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Voter ID Laws Weakened in Arizona, Opens Door for More Legal Challenges

by Trevor Hayes, published

The need for voter ID laws is a contentious and politically driven argument that tends to crop up around election years following the passage of the first voter ID law in Indiana in 2006. Prior to 2006, not a single state had enacted a law that would require a citizen to bring a government-issued photo ID with them in order to vote. The law was upheld by the Supreme Court two years after its passing.

Many states had laws that required voters to provide some form of identification, but narrowing the requirement to a government-issued photo ID made this case different.

Since its passing, 31 states now have voter ID laws of varying strictness, but many people maintain that these laws restrict the rights of those who would wish to vote and violate the Voting Rights Act of 1965. The Voting Rights Act stands as a check against states seeking to enact restrictive voting laws. Section 5 of the VRA requires states with a history of discrimination to file an appeal with the Department of Justice before the state's legislature can amend its voting laws.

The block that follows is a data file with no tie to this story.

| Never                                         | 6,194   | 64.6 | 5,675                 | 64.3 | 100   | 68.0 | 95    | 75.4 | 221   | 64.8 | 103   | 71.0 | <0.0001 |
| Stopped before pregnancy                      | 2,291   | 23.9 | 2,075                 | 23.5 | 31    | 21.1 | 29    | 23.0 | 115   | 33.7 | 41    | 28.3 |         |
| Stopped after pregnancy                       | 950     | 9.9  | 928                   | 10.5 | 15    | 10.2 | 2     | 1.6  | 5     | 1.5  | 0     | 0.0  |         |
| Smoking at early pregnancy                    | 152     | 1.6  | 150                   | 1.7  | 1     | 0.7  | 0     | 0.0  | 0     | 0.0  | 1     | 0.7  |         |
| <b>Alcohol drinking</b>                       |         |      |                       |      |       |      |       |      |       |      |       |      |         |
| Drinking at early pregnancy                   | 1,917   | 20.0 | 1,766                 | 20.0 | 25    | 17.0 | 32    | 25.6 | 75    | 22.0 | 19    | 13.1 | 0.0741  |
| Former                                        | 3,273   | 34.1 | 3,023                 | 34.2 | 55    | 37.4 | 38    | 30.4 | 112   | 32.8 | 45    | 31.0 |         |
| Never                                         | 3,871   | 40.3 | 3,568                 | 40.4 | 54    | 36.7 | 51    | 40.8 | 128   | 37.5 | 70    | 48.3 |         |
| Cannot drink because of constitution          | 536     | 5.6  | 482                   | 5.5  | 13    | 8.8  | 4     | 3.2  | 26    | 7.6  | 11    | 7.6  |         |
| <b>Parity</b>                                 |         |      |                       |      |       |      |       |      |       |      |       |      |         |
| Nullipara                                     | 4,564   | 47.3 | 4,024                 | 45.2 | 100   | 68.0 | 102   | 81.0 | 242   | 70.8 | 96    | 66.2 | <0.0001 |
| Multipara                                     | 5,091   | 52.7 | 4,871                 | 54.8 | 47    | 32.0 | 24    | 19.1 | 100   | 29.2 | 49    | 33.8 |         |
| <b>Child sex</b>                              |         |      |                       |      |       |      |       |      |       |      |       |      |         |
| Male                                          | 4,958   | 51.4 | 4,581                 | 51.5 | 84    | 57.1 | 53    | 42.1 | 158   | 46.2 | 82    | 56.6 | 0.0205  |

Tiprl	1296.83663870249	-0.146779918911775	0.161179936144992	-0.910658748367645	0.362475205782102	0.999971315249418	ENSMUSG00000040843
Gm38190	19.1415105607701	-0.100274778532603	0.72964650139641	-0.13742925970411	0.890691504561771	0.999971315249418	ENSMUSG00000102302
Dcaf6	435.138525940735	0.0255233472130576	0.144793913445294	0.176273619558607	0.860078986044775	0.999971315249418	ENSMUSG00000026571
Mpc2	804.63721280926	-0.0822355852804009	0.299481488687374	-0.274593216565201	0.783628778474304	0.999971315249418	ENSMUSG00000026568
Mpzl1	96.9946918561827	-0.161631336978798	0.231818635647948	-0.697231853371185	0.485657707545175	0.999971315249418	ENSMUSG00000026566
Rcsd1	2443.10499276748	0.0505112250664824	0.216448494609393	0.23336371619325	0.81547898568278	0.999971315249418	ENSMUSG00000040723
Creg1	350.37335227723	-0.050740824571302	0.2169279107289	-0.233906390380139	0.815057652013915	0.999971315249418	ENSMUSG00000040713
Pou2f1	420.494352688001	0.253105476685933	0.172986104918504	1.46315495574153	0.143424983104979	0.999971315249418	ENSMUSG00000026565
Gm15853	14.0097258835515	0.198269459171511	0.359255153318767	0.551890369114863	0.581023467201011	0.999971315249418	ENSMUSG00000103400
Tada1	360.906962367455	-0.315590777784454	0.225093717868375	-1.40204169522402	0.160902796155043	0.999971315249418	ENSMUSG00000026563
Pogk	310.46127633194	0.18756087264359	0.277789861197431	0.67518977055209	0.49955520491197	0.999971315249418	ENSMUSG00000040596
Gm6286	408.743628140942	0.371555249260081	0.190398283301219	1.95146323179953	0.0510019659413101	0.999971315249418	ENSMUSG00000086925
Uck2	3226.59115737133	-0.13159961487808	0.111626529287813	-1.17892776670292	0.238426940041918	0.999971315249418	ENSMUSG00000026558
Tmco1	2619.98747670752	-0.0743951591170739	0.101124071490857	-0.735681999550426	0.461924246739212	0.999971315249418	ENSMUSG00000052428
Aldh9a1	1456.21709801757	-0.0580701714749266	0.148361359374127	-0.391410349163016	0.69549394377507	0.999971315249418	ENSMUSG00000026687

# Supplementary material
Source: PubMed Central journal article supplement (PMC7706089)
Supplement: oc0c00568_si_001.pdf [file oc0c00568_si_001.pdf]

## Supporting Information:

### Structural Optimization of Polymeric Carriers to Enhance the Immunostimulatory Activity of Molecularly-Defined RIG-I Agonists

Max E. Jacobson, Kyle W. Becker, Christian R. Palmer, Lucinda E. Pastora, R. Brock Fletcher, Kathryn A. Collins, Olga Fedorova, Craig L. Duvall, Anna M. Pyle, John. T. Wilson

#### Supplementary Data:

However, despite this check, some would argue that voter ID laws still disenfranchise potential voters.

Voter ID laws impact certain groups more than others. The elderly, youth, and minority groups are all much less likely to have a government-issued photo ID available and therefore are less likely to vote.

This is a problem for two reasons: It means a less diverse voting population during election years and an increased financial burden which some would view as a poll tax. The idea of these laws creating a poll tax is not a new one and has been used many times over the last ten years in the effort to fight voter ID laws.

Last week, the Supreme Court ruled against a voter ID law in Arizona requiring voters to provide proof of citizenship on top of their standard voter ID. As brought forward by the majority statement, the law placed a more arduous restriction on the right to vote instead of allowing Arizona citizens to simply use the federal form that provided proof of citizenship. The ruling effectively gives voters in Arizona two means of registering to vote: the state system with its many requirements and the less strenuous federal system.

What this ruling means for voter ID laws as a whole still remains to be seen. The context of these laws is important when considering future litigation against them.

While the ruling means voters in Arizona will have an easier time registering to vote, it does not make a greater statement about the condition of the 30 other states which still have similar laws. The legal precedent set by this case is states cannot produce laws that place undue restrictions on voter registration beyond what is expected of voters through the federal process.

This can leave the door open for similar appeals against strict voter ID laws in other states, but the process will be slow.

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